The Stephen Livingstone lecture: Martin O'Brien on human rights globally
Continuing review of Martin O'Brien's speech on 'Human rights and the Agreement: how far have we come?', the 2009 Stephen Livingstone memorial lecture.
To what extent have the lessons of developing peace and justice in Northern Ireland been learned and applied at the national and global levels?
Scarcely at all, is O'Brien's conclusion.
"Clearly the post 9/11 context has not been a good one for human rights.
The election of President Obama and some of his early pronouncements give some hope for better days in terms of a return to due process and the rule of law.
However question marks also remain in this regard.
The Northern Ireland experience points very firmly to the dependence of peace and security on justice, fairness and the rule of law.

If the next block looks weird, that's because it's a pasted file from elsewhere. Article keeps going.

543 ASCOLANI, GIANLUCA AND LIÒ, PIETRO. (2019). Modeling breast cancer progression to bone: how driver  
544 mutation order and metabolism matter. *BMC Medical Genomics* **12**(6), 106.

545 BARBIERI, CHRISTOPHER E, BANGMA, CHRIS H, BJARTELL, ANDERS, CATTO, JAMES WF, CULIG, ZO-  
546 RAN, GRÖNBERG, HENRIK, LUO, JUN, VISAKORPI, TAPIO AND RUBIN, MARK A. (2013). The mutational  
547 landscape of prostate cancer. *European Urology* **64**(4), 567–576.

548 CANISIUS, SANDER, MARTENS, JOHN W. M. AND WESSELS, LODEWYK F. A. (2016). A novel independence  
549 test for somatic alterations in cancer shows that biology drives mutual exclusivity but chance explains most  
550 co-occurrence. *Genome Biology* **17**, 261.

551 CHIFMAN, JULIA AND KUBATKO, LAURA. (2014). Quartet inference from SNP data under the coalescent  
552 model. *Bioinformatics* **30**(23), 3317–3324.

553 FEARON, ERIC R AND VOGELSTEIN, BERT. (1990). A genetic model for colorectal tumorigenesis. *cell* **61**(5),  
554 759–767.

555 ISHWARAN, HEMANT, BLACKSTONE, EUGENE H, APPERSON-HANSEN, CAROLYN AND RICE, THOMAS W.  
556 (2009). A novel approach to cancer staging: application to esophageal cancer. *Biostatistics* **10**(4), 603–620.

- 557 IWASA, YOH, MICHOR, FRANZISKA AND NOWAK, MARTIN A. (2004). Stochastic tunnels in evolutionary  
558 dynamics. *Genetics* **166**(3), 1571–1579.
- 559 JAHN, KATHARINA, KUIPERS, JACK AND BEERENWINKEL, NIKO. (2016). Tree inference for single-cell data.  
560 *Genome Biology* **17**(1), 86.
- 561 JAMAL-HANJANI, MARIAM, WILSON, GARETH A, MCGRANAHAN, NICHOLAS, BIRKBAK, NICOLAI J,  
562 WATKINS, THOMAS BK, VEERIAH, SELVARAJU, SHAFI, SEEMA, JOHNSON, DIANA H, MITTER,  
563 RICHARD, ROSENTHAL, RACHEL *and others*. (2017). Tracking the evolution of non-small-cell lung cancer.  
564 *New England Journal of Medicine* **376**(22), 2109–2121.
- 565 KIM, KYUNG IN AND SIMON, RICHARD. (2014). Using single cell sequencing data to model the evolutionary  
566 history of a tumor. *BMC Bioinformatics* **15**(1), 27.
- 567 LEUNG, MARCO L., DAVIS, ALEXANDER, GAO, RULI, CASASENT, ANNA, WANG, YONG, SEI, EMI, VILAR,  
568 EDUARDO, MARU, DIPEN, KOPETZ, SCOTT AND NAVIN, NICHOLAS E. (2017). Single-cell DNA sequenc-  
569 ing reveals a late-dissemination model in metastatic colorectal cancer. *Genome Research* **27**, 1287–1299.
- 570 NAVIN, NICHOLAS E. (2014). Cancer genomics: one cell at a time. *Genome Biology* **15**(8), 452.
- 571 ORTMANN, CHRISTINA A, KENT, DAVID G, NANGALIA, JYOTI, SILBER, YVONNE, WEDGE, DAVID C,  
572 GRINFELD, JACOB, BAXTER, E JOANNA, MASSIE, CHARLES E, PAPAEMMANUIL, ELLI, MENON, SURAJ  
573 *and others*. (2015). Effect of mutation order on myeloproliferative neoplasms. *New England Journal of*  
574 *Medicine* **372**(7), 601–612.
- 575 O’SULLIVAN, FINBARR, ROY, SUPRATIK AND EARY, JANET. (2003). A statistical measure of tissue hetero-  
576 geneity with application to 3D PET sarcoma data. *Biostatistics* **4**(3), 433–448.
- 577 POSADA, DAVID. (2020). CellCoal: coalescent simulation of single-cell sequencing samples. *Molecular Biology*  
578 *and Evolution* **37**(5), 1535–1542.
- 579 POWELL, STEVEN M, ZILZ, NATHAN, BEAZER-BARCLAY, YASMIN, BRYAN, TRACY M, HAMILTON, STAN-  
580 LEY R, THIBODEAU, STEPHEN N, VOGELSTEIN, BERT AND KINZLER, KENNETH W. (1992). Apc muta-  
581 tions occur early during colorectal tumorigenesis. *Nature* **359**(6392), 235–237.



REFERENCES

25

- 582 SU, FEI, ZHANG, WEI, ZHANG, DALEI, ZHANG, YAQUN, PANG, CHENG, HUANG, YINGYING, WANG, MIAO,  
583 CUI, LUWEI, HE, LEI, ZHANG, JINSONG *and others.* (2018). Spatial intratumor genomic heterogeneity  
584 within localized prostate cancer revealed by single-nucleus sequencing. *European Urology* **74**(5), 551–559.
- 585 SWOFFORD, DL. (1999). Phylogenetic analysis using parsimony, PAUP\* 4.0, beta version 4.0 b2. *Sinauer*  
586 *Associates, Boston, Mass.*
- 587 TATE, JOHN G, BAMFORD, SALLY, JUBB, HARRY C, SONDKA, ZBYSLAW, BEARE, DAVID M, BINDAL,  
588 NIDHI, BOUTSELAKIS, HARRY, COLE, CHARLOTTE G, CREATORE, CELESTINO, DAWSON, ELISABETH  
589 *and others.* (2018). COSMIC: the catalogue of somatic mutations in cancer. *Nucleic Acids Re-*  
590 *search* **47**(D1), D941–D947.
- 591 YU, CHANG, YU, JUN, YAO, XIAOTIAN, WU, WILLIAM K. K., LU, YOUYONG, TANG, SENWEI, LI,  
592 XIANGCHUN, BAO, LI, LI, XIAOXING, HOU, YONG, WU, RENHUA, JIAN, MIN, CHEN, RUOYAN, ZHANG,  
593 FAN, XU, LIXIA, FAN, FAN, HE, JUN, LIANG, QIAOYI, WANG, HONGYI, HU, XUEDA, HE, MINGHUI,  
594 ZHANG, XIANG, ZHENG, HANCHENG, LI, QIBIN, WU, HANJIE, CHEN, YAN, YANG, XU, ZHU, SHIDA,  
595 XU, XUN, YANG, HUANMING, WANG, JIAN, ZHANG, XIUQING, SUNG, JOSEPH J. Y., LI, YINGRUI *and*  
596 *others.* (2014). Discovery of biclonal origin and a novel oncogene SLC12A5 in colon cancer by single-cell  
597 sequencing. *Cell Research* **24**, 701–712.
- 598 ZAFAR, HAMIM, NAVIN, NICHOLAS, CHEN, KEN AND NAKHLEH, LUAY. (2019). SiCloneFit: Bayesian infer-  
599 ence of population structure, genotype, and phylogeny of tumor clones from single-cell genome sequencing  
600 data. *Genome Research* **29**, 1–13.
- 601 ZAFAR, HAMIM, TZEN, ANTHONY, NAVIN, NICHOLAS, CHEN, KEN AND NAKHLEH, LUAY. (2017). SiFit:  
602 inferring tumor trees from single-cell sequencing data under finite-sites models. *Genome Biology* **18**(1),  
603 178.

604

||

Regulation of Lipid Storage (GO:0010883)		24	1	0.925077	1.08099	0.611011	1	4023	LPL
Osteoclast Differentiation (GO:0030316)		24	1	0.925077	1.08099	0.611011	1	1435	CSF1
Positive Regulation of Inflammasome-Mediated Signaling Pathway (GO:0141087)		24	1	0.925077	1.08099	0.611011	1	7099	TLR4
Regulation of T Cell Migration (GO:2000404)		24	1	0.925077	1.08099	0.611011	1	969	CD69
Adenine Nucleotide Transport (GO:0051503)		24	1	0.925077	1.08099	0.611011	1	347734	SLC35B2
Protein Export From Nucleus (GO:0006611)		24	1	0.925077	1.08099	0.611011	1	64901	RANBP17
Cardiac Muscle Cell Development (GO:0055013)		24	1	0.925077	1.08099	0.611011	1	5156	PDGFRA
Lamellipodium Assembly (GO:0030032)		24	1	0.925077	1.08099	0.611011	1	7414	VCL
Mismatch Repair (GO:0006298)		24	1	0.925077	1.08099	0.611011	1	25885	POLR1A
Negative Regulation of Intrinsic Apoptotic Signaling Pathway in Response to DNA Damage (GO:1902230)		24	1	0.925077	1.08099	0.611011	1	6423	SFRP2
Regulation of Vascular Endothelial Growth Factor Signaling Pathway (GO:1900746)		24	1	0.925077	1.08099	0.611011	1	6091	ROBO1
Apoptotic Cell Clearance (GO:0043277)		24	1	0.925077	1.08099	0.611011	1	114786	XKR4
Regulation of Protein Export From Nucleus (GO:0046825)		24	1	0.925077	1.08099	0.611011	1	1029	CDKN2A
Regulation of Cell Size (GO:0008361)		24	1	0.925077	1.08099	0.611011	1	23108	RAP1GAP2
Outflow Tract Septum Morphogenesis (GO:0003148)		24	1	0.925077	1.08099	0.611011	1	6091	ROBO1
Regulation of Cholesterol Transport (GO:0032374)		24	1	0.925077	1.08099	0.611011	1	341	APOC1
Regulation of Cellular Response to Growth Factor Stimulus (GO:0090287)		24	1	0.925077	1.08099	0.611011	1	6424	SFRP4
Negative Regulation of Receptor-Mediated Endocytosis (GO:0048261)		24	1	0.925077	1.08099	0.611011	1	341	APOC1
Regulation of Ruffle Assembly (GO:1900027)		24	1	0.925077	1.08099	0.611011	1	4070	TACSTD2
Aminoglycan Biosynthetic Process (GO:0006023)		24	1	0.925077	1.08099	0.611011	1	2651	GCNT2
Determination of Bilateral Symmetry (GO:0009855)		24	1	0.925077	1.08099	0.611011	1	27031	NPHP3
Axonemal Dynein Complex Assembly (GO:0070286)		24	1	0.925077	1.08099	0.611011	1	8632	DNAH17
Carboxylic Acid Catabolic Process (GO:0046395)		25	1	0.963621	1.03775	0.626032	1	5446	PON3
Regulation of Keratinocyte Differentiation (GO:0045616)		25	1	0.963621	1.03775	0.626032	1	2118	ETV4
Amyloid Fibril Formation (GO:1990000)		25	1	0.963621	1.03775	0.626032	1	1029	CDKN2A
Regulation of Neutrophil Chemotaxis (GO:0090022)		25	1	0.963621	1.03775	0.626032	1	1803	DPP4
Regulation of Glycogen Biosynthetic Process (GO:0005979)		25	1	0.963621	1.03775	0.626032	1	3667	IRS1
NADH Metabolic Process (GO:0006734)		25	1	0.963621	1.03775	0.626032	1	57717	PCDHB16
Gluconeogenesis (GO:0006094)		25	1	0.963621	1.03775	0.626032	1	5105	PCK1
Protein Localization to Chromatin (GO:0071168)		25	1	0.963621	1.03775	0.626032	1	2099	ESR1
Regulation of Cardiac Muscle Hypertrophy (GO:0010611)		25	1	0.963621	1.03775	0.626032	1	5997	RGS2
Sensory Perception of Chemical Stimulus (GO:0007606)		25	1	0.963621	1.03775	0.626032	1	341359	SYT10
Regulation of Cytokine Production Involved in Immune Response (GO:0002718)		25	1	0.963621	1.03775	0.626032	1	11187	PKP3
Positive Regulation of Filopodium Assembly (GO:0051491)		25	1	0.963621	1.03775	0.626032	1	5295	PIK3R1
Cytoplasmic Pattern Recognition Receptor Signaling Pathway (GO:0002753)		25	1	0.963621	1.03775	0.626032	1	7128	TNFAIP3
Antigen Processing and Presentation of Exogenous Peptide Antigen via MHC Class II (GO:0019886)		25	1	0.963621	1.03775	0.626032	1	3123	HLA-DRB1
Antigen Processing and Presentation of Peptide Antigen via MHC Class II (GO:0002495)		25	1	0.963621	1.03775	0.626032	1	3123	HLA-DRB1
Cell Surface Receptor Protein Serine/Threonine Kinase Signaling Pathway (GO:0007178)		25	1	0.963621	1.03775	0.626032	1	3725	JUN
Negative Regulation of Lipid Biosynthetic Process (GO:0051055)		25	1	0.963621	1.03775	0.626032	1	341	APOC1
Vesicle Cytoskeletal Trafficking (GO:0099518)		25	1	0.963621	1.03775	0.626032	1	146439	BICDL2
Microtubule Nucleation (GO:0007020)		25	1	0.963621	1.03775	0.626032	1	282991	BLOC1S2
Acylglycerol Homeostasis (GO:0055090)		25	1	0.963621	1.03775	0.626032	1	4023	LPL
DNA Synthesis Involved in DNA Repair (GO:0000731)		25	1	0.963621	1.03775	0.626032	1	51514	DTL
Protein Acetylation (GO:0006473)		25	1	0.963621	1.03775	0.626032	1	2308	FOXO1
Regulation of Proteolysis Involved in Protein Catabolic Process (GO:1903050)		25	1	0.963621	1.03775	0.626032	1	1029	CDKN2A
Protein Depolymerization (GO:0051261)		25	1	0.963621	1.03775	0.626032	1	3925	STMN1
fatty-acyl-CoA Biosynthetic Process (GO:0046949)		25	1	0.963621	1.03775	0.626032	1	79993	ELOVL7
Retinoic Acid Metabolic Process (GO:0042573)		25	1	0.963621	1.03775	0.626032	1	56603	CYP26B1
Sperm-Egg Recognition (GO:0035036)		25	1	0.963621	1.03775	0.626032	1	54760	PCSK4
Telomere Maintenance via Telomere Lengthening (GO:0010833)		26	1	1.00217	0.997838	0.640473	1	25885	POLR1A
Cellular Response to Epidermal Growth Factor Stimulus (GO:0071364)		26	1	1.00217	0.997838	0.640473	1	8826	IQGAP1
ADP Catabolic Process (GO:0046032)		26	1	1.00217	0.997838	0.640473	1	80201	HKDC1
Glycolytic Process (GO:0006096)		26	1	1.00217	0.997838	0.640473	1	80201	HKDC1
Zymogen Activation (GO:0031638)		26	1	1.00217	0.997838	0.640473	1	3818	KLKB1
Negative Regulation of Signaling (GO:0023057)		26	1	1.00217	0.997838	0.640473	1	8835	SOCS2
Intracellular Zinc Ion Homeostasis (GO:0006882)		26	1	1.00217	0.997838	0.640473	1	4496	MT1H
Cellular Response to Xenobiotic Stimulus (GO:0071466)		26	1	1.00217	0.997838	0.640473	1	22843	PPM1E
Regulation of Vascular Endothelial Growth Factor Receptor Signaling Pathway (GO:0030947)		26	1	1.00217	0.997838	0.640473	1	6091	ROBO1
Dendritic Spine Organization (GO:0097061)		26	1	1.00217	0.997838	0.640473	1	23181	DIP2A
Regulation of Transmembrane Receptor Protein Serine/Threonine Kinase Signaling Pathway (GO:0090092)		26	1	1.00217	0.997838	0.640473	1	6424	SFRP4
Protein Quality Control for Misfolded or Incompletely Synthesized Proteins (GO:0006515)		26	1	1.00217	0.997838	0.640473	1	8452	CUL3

How disappointing, then, that the UK government in particular has not applied these lessons in its response to the “war on terror.”
Who would have thought, during our arguments around the legality of 7-day detention, that we would find ourselves in a debate about 28 days, 42 days and even 90 days detention without charge?
Experience tells us that once these powers come on to the statute books it’s very hard to remove them. There have been emergency powers of one form or another in place in Northern Ireland since the 1920s.
At the time of the McGrory lecture [in 2005] I noted that the government had promised to repeal the Northern Ireland specific emergency legislation.
I expressed the fear that this might simply be replaced with equally bad UK-wide legislation.
Sadly that is largely what they’ve done."
More to follow…
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